Cambridge antibody technology hand-picked by Pentagon
US defense chiefs have turned to yet another Cambridge technology proposition in a bid to conquer COVID-19.
Big Biotech AstraZeneca, based at Cambridge Biomedical Campus, says trials are underway of AZD7442 – a combination of two monoclonal antibodies in development for the prevention and treatment of the killer virus.
The first participants dosed in the trial will help AstraZeneca assess safety, tolerability and pharmacokinetics of the combination approach.
The trial embraces up to 48 healthy participants in the UK aged 18 to 55 and is funded by the Defense Advanced Research Projects Agency (DARPA) – part of the US Department of Defense – and the Biomedical Advanced Research and Development Authority (BARDA).
BARDA is part of the Office of the Assistant Secretary for Preparedness and Response at the US Department of Health and Human Services.
Mene Pangalos, executive vice-president, BioPharmaceuticals R & D for AstraZeneca, said: “This trial is an important milestone in the development of our monoclonal antibody combination to prevent or treat COVID-19.
“This combination of antibodies, coupled to our proprietary half-life extension technology, has the potential to improve both the effectiveness and durability of use in addition to reducing the likelihood of viral resistance.”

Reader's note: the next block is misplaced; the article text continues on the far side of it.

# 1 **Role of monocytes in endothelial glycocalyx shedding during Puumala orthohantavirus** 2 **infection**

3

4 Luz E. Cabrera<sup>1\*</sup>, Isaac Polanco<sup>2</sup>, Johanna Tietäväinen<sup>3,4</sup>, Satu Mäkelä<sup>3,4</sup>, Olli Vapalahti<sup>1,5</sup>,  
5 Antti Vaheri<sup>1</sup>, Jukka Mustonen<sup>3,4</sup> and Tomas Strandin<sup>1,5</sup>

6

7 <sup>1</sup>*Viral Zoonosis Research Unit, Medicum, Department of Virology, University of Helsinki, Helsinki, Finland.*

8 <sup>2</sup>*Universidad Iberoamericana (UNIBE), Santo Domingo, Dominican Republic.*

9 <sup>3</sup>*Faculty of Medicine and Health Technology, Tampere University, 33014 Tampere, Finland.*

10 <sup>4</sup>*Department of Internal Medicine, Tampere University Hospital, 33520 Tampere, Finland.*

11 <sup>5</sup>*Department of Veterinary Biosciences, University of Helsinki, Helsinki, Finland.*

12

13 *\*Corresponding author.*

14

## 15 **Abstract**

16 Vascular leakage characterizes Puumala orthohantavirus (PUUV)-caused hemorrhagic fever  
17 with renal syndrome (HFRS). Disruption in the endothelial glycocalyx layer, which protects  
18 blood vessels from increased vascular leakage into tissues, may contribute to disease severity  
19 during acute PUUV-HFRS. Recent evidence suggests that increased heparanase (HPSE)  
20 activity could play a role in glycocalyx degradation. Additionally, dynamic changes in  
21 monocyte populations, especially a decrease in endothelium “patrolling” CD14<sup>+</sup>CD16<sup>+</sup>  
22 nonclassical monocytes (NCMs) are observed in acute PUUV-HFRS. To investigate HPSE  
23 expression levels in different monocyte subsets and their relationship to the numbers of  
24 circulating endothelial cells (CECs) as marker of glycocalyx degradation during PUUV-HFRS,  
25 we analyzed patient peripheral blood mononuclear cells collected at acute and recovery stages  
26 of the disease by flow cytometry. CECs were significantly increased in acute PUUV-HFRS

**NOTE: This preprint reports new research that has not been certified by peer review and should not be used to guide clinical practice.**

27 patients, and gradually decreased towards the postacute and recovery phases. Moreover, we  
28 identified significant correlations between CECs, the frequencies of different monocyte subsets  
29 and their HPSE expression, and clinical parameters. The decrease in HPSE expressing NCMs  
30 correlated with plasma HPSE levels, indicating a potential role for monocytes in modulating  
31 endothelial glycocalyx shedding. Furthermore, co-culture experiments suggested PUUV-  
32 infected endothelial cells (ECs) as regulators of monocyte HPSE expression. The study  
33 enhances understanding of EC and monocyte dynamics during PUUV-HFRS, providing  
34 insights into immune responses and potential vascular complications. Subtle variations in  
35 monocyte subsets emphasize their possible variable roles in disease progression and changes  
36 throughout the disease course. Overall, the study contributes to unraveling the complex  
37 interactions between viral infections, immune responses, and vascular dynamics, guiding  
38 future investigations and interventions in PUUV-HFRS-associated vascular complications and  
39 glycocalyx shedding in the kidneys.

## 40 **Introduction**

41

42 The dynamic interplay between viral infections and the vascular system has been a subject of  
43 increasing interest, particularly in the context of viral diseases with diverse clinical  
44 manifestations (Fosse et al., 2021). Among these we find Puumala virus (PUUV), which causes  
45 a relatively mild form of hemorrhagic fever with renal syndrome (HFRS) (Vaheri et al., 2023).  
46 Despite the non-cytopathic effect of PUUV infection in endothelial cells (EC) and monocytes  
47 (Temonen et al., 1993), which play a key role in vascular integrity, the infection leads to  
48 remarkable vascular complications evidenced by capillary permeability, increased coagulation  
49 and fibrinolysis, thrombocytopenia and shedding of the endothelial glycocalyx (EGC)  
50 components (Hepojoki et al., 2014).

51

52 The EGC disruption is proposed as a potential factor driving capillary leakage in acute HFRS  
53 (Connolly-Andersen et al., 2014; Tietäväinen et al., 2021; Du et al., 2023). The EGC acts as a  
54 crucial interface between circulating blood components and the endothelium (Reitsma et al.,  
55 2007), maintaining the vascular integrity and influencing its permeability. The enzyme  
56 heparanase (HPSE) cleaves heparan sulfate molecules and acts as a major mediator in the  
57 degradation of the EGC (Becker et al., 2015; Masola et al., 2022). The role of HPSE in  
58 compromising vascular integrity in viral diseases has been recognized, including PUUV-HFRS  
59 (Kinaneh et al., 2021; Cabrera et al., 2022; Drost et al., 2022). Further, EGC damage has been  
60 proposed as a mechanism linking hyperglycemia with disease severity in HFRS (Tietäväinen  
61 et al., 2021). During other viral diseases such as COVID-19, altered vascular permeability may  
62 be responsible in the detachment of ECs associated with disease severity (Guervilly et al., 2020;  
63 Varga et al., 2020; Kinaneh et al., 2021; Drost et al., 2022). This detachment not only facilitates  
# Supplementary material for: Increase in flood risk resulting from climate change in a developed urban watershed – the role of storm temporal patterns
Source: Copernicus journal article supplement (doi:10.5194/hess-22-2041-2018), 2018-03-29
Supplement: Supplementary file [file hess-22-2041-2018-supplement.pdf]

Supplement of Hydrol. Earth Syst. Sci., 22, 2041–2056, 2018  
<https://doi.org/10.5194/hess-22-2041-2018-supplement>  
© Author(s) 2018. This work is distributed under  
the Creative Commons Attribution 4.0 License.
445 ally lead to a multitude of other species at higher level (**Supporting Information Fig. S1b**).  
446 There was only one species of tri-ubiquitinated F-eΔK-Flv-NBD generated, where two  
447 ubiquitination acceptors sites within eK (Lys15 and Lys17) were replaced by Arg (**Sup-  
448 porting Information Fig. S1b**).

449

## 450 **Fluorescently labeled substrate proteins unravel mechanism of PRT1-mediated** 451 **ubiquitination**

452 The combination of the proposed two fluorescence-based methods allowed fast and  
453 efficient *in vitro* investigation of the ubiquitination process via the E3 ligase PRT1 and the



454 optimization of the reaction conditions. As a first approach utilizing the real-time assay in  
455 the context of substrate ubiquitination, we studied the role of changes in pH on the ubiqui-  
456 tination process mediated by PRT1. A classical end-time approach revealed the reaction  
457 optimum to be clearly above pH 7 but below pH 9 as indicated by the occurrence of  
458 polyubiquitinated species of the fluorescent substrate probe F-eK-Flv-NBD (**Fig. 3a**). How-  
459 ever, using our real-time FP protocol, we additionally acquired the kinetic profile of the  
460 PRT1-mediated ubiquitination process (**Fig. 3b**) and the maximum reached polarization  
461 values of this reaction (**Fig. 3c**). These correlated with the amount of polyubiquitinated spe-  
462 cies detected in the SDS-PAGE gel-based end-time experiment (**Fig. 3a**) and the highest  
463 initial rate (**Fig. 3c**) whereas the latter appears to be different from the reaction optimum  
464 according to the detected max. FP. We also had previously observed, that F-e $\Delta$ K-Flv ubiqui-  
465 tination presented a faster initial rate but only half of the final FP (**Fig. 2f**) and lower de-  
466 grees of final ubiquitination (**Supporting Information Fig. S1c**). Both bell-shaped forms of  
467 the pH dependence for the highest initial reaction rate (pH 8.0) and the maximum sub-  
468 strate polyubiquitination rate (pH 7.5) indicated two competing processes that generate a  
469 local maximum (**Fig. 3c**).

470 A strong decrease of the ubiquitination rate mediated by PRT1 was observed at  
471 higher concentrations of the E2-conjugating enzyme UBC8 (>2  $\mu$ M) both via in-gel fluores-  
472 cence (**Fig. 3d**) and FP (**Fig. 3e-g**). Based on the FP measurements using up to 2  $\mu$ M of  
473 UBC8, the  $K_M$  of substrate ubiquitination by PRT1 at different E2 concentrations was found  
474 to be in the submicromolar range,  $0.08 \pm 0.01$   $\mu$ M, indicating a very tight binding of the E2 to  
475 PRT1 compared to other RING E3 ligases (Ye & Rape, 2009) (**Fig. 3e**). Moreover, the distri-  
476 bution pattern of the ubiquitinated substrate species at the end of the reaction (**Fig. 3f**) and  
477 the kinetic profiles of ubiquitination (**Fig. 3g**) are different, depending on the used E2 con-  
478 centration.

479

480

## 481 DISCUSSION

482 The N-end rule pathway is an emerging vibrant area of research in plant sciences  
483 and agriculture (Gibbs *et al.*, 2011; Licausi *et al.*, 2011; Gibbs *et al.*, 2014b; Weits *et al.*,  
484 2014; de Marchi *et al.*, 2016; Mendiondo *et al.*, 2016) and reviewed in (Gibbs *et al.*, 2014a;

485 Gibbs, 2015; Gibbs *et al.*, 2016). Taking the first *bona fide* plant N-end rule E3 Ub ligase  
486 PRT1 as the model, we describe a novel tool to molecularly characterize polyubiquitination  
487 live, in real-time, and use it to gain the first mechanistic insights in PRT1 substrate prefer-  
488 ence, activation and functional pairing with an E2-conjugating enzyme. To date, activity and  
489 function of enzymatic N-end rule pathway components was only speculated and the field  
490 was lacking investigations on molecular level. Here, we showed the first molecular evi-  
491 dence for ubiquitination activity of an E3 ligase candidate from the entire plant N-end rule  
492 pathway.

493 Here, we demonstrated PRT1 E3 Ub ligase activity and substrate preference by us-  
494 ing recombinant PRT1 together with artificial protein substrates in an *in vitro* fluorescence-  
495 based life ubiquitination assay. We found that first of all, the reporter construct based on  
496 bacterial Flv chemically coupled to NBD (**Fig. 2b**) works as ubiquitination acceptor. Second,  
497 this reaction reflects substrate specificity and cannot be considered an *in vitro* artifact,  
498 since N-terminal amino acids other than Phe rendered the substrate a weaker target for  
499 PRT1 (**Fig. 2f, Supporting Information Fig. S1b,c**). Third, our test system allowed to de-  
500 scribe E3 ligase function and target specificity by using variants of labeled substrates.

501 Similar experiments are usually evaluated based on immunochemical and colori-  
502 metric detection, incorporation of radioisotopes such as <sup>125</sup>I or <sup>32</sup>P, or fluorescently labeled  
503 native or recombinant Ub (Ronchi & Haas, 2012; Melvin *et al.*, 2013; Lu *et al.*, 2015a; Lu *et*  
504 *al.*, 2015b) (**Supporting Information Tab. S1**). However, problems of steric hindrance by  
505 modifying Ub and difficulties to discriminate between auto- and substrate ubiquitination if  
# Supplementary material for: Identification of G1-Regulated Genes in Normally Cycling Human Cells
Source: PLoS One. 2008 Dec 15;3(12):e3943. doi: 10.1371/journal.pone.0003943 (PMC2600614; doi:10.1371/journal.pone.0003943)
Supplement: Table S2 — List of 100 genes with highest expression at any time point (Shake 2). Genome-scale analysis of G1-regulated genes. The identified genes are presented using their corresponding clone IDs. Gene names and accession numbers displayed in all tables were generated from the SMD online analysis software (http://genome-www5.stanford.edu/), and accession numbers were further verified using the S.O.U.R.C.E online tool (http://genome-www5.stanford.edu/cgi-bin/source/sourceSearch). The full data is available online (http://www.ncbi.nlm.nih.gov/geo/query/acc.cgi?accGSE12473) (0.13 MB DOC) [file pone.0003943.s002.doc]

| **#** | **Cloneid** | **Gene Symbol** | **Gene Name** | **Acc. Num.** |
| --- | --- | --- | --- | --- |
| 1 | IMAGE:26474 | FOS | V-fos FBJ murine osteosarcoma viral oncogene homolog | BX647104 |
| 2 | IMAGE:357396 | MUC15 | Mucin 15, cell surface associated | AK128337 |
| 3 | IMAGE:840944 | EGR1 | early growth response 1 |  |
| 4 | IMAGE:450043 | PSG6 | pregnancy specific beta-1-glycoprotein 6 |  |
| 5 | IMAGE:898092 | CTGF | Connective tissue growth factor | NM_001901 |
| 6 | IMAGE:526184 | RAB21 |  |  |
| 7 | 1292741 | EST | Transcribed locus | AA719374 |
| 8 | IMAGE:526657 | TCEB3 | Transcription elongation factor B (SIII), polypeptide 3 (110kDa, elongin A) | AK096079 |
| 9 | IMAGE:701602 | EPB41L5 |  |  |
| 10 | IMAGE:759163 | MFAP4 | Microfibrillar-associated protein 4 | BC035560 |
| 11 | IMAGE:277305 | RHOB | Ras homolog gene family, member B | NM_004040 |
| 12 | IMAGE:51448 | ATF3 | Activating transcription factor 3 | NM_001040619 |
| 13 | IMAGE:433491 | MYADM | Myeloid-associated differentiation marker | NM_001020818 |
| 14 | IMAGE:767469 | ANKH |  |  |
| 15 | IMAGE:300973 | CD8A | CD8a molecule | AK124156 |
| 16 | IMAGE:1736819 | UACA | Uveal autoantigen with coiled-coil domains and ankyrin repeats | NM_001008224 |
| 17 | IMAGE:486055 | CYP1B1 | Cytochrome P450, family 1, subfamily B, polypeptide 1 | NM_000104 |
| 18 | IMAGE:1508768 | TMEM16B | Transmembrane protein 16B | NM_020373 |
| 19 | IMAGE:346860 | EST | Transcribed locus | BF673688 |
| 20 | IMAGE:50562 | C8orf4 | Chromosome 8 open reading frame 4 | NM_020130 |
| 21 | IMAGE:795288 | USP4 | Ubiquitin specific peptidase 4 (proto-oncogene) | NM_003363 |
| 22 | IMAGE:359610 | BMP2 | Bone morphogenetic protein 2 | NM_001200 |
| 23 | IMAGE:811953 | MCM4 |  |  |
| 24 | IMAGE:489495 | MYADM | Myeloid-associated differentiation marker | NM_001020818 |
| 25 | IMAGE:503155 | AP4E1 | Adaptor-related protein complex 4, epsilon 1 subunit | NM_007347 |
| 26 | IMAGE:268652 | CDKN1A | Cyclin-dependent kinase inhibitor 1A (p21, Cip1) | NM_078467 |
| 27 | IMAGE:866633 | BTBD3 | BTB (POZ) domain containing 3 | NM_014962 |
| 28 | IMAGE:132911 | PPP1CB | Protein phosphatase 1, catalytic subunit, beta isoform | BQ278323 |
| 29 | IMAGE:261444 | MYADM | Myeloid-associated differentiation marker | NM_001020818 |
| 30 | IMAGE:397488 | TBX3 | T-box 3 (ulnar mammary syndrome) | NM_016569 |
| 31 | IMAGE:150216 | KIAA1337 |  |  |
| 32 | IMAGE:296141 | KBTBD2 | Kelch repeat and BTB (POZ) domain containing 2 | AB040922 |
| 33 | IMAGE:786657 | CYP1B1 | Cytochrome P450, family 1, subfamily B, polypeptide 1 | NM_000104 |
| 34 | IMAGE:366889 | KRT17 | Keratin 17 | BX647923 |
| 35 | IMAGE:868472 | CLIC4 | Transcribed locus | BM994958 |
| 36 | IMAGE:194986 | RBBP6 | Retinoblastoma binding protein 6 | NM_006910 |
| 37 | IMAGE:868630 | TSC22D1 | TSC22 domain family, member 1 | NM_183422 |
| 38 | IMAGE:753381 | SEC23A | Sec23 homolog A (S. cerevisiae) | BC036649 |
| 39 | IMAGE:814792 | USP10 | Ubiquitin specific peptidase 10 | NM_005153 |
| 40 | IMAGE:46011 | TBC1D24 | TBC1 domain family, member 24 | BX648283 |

Should AZD7442 prove to be tolerated and have a favourable safety profile in the trial, AstraZeneca will progress it into larger late-stage Phase II and Phase III trials to evaluate its efficacy as a potential preventative and treatment approach against COVID-19.
Synthesised in the laboratory, mAbs aim to mimic natural antibodies. The treatment has the potential to be given as a preventative option for people exposed to the virus, and to treat and prevent disease progression in patients already infected by the virus.
AZD7442 is a combination of two mAbs derived from convalescent patients with SARS-CoV-2 infection. Discovered by Vanderbilt University Medical Center and licensed to AstraZeneca in June, the mAbs were optimised by AstraZeneca with half-life extension and reduced Fc receptor binding.
The half-life extended mAbs should afford at least six months of protection from COVID-19.
In a recent Nature publication, the mAbs were shown preclinically to block the binding of the SARS-CoV-2 virus to host cells and protect against infection in cell and animal models of disease.